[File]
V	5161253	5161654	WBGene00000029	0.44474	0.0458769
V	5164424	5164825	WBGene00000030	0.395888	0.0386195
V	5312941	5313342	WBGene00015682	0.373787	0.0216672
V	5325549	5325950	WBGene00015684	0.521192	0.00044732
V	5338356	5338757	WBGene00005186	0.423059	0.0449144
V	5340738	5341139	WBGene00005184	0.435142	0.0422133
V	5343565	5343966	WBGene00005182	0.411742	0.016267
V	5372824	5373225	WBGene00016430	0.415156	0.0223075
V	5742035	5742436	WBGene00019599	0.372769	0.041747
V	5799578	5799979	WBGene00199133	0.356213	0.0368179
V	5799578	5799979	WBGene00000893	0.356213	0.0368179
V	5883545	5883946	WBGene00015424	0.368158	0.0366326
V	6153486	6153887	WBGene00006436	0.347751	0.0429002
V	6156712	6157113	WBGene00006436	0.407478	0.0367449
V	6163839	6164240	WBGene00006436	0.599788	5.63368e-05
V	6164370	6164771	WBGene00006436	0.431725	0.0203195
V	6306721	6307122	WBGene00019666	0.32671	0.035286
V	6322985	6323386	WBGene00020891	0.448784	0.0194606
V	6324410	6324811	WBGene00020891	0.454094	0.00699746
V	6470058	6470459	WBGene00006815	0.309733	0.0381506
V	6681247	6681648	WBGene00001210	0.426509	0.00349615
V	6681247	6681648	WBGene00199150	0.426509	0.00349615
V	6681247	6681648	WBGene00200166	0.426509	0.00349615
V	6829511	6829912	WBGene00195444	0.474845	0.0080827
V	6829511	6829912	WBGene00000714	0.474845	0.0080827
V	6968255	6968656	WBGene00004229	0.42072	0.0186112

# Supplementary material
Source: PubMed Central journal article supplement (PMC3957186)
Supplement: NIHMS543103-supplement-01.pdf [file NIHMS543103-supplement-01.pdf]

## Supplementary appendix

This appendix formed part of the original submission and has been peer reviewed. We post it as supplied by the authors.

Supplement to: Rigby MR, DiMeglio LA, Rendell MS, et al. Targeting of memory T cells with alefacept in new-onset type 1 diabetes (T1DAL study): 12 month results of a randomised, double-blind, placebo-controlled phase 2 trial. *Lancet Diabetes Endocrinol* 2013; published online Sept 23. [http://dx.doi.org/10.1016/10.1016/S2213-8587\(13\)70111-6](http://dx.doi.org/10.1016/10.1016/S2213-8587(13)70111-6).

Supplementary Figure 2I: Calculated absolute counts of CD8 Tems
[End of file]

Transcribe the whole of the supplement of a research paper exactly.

V	5161253	5161654	WBGene00000029	0.44474	0.0458769
V	5164424	5164825	WBGene00000030	0.395888	0.0386195
V	5312941	5313342	WBGene00015682	0.373787	0.0216672
V	5325549	5325950	WBGene00015684	0.521192	0.00044732
V	5338356	5338757	WBGene00005186	0.423059	0.0449144
V	5340738	5341139	WBGene00005184	0.435142	0.0422133
V	5343565	5343966	WBGene00005182	0.411742	0.016267
V	5372824	5373225	WBGene00016430	0.415156	0.0223075
V	5742035	5742436	WBGene00019599	0.372769	0.041747
V	5799578	5799979	WBGene00199133	0.356213	0.0368179
V	5799578	5799979	WBGene00000893	0.356213	0.0368179
V	5883545	5883946	WBGene00015424	0.368158	0.0366326
V	6153486	6153887	WBGene00006436	0.347751	0.0429002
V	6156712	6157113	WBGene00006436	0.407478	0.0367449
V	6163839	6164240	WBGene00006436	0.599788	5.63368e-05
V	6164370	6164771	WBGene00006436	0.431725	0.0203195
V	6306721	6307122	WBGene00019666	0.32671	0.035286
V	6322985	6323386	WBGene00020891	0.448784	0.0194606
V	6324410	6324811	WBGene00020891	0.454094	0.00699746
V	6470058	6470459	WBGene00006815	0.309733	0.0381506
V	6681247	6681648	WBGene00001210	0.426509	0.00349615
V	6681247	6681648	WBGene00199150	0.426509	0.00349615
V	6681247	6681648	WBGene00200166	0.426509	0.00349615
V	6829511	6829912	WBGene00195444	0.474845	0.0080827
V	6829511	6829912	WBGene00000714	0.474845	0.0080827
V	6968255	6968656	WBGene00004229	0.42072	0.0186112

# Supplementary material
Source: PubMed Central journal article supplement (PMC3957186)
Supplement: NIHMS543103-supplement-01.pdf [file NIHMS543103-supplement-01.pdf]

## Supplementary appendix

This appendix formed part of the original submission and has been peer reviewed. We post it as supplied by the authors.

Supplement to: Rigby MR, DiMeglio LA, Rendell MS, et al. Targeting of memory T cells with alefacept in new-onset type 1 diabetes (T1DAL study): 12 month results of a randomised, double-blind, placebo-controlled phase 2 trial. *Lancet Diabetes Endocrinol* 2013; published online Sept 23. [http://dx.doi.org/10.1016/10.1016/S2213-8587\(13\)70111-6](http://dx.doi.org/10.1016/10.1016/S2213-8587(13)70111-6).

Supplementary Figure 2I: Calculated absolute counts of CD8 Tems